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A Reader Is Cheered By John Podhoretz on Birthright Citizenship
July 12, 2005
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From: VDARE.com Reader
I don't know if y'all check in on National Review's blog, the Corner, but over the past few days John Podhoretz has been swinging wildly, desperately, crazily at anyone who brings up serious discussion about immigration and the National Question. What a bore: dismissive, aspersive, crude, can barely restrain ad-hominem attack. Now I understand what you were talking about when you commented on him taking over the New York Post's editorial page.
This cheers me up; if Podhoretz is a typical of the Neocon immigration enthusiast then they will be crushed in open debate and discussion. That is the key, keep pushing so that this becomes an on the table topic for discussion.
MORE -- OR, RATHER, LESS -- ON BIRTHRIGHT CITIZENSHIP
Boy, some people just can't stand the idea that some other people might become citizens in this country, eh? If the problem of birthright citizenship is not the citizenship itself, as Derb's e-mailer suggests, but the fact that the citizen can petition to get his family members made into citizens, then there's a simple expedient to fix that: You can change the law. Or you can try remembering that without immigration, there would be about 75 million people in the United States, a nation that now comfortably houses 300 million and could easily accommodate many more. Oh, and if any e-mailer e-mails me angrily AND USES CAPITAL LETTERS TO MAKE HIS POINT, that e-mail goes in the garbage can. As will slurs -- both open and subtle -- against Spanish-speakers, claims that "this wasn't the country my father fought for in WWII/Korea/Dominican Republic/Grenada," and the always popular "why should my tax dollars go and pay for." There's plenty of things my tax dollars go and pay for that I don't like. Welcome to democracy. You don't like it? Try to change it. Period.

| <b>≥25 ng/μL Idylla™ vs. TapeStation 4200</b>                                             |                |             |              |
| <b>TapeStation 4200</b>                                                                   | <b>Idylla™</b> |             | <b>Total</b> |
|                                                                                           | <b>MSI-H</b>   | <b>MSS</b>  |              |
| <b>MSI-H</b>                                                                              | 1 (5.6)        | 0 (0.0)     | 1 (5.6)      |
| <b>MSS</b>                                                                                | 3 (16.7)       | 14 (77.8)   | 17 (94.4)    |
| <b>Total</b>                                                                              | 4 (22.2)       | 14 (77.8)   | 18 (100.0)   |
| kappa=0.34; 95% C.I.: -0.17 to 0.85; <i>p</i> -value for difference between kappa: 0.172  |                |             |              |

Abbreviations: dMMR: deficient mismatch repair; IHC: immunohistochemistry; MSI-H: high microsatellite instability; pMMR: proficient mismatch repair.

Of course, the birthright citizenship/anchor baby issue has never been subject to the least tincture of democracy, because it is
- the result of a legal misinterpretation of the Fourteenth Amendment, and thus in the first instance under the jurisdiction of the unelected Supreme Court,
- the subject of a elite bipartisan consensus, which means that there's nowhere you can go to vote against it, and
- opposed, like open border policies generally, by a majority of the American people.